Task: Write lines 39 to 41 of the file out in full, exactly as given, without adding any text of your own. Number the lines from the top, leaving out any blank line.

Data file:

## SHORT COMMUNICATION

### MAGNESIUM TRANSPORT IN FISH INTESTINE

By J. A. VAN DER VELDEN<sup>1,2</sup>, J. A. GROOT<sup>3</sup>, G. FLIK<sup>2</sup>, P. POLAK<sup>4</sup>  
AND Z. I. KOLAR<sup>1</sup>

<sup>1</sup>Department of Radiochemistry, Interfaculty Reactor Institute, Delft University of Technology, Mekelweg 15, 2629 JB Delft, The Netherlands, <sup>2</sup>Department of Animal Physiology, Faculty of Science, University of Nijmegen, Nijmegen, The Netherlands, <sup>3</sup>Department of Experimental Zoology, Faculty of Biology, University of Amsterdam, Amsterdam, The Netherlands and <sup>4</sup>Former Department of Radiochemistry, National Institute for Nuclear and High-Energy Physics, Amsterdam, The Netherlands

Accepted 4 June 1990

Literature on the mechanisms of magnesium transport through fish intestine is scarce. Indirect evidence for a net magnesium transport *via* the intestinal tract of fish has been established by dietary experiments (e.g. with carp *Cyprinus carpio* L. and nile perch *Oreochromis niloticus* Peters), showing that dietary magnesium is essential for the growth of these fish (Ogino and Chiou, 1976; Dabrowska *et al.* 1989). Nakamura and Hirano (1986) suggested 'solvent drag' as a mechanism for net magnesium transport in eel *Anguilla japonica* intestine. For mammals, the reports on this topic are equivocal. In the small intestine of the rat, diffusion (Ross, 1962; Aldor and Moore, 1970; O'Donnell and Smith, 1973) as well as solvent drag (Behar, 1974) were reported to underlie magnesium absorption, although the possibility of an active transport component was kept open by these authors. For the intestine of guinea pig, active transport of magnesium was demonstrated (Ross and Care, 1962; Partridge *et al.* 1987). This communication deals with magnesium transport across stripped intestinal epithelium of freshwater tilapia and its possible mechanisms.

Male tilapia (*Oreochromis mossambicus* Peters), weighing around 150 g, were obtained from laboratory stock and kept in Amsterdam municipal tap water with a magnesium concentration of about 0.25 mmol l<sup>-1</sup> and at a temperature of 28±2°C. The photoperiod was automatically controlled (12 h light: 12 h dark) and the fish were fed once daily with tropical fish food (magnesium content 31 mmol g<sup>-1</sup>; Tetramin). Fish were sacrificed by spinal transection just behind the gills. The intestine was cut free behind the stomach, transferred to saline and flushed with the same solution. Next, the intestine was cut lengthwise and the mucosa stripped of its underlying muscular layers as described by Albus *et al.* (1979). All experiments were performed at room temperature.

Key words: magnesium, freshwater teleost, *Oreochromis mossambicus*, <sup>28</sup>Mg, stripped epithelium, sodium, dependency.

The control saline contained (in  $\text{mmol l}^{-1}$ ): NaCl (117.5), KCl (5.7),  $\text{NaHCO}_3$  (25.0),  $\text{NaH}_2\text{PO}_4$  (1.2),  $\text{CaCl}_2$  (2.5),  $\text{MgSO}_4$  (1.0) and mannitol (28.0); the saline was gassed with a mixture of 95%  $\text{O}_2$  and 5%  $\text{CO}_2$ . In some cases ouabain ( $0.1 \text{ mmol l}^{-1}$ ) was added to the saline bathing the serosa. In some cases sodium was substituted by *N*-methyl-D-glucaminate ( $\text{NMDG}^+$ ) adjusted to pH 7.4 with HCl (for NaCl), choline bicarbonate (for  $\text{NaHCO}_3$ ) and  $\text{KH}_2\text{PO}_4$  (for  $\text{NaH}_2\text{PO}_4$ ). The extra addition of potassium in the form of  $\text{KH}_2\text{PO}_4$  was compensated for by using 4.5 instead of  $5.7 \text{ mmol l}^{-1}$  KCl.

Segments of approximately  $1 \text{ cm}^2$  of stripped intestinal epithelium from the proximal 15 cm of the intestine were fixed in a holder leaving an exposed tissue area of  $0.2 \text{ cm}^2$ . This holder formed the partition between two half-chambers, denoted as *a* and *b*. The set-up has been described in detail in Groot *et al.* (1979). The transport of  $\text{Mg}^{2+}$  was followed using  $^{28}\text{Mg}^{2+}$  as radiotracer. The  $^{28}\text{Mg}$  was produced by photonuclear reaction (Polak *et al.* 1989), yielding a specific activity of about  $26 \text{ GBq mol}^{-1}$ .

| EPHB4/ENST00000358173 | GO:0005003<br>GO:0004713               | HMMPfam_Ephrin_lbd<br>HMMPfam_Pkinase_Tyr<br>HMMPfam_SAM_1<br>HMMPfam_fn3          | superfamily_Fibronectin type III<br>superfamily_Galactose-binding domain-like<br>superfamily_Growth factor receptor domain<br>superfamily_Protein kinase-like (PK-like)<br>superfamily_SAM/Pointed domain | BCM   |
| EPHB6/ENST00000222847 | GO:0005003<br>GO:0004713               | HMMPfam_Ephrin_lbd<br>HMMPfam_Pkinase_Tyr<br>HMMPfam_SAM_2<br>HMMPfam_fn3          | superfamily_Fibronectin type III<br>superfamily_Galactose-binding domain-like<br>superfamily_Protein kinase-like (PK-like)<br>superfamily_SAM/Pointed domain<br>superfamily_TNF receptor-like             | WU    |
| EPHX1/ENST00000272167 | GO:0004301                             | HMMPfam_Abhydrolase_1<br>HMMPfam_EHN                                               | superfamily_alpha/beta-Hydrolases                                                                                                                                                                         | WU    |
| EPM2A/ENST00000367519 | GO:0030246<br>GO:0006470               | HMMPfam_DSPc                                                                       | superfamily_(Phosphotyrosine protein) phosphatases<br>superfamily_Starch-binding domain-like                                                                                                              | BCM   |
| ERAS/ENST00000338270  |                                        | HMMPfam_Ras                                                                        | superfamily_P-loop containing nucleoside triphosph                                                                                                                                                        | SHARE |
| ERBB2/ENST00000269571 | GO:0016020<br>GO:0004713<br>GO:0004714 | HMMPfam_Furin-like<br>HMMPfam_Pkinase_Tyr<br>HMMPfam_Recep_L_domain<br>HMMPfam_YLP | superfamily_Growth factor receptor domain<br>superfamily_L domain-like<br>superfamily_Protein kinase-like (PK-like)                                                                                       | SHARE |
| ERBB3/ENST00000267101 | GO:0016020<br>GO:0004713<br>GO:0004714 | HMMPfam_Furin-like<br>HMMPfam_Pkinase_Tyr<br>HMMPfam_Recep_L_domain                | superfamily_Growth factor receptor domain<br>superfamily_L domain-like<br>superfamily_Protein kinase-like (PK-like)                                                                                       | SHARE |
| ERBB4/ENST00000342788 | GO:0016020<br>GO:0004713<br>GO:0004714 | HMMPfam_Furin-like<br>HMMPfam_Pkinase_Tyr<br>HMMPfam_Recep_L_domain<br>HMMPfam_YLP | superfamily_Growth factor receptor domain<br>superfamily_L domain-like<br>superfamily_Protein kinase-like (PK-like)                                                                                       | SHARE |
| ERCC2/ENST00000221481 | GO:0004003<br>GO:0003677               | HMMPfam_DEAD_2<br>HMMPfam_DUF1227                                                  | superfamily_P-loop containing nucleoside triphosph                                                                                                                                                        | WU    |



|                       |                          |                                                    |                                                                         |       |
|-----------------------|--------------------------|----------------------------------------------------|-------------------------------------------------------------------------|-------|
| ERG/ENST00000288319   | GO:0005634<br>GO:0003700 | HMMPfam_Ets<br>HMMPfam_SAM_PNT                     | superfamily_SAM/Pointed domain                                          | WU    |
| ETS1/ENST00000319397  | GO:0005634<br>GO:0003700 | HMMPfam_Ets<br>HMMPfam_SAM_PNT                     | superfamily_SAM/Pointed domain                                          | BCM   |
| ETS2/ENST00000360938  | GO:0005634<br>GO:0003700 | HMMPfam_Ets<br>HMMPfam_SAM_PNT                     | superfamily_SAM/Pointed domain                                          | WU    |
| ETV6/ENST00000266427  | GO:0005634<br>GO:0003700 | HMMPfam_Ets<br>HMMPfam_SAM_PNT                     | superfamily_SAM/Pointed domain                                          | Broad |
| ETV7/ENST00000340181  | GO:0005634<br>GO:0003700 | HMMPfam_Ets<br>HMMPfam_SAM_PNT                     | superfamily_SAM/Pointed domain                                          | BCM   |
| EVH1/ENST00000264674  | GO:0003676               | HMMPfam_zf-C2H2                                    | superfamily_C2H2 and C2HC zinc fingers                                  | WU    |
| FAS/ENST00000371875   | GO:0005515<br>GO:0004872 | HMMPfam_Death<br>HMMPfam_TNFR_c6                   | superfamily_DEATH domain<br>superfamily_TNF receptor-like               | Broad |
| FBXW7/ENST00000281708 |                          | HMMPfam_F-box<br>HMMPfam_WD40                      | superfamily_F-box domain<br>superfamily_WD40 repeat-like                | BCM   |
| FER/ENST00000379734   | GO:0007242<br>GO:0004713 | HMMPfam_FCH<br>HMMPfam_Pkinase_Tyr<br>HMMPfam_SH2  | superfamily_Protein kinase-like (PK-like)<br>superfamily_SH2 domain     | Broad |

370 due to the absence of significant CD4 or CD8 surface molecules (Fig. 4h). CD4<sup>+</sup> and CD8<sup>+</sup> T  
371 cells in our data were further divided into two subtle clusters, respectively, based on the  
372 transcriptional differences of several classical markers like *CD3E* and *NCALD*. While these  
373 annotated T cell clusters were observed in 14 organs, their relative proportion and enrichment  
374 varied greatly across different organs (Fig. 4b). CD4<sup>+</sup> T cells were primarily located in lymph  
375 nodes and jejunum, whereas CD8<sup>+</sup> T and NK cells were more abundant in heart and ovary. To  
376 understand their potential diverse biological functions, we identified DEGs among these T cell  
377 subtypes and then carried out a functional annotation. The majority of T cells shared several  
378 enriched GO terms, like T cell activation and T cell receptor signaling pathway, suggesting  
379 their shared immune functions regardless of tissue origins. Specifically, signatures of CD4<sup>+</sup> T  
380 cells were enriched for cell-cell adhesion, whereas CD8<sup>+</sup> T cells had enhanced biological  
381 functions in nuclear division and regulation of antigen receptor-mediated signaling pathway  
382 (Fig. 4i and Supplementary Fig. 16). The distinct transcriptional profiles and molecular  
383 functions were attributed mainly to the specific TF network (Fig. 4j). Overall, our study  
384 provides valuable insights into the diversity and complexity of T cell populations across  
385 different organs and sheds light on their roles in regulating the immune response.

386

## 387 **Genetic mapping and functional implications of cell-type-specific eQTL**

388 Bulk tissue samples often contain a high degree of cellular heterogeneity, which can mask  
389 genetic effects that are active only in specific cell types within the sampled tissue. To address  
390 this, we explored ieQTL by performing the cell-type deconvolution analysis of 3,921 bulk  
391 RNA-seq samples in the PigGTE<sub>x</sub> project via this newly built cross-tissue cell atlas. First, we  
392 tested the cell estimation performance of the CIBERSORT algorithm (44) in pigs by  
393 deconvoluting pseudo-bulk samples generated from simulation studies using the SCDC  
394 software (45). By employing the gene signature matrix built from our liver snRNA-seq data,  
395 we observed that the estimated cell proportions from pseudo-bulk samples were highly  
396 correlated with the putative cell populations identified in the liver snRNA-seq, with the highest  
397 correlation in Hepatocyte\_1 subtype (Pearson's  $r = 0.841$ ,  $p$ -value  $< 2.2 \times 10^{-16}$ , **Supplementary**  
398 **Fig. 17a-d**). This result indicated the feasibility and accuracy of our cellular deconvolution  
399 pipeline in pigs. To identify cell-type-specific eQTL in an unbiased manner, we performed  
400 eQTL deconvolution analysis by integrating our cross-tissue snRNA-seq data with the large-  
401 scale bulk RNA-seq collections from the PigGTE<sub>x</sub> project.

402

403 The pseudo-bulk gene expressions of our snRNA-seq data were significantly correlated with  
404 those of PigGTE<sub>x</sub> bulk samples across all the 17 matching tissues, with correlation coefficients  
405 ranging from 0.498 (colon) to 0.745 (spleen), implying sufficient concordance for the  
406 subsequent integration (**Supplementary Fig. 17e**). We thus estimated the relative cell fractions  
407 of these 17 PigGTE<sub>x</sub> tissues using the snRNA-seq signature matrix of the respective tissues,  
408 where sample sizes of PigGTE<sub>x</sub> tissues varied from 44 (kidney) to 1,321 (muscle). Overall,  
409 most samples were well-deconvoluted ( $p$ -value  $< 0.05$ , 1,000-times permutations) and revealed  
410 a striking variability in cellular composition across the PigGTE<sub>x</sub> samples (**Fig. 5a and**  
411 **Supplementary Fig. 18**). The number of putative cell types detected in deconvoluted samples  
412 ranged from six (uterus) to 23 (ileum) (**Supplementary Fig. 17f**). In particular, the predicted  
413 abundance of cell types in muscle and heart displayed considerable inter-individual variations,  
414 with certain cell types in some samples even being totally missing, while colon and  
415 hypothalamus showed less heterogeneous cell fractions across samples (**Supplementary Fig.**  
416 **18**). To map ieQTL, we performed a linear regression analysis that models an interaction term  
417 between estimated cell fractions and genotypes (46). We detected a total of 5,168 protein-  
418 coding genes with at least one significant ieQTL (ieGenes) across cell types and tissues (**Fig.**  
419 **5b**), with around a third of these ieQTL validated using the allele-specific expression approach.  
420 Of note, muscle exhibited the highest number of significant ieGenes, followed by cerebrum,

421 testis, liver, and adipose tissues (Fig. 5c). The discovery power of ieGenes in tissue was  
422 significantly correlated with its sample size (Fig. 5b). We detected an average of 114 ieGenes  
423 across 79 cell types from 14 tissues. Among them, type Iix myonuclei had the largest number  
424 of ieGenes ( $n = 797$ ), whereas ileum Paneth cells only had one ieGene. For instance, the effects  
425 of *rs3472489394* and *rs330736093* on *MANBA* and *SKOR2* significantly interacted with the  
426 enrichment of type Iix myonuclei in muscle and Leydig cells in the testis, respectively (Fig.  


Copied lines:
377 subtypes and then carried out a functional annotation. The majority of T cells shared several  
378 enriched GO terms, like T cell activation and T cell receptor signaling pathway, suggesting  
379 their shared immune functions regardless of tissue origins. Specifically, signatures of CD4<sup>+</sup> T  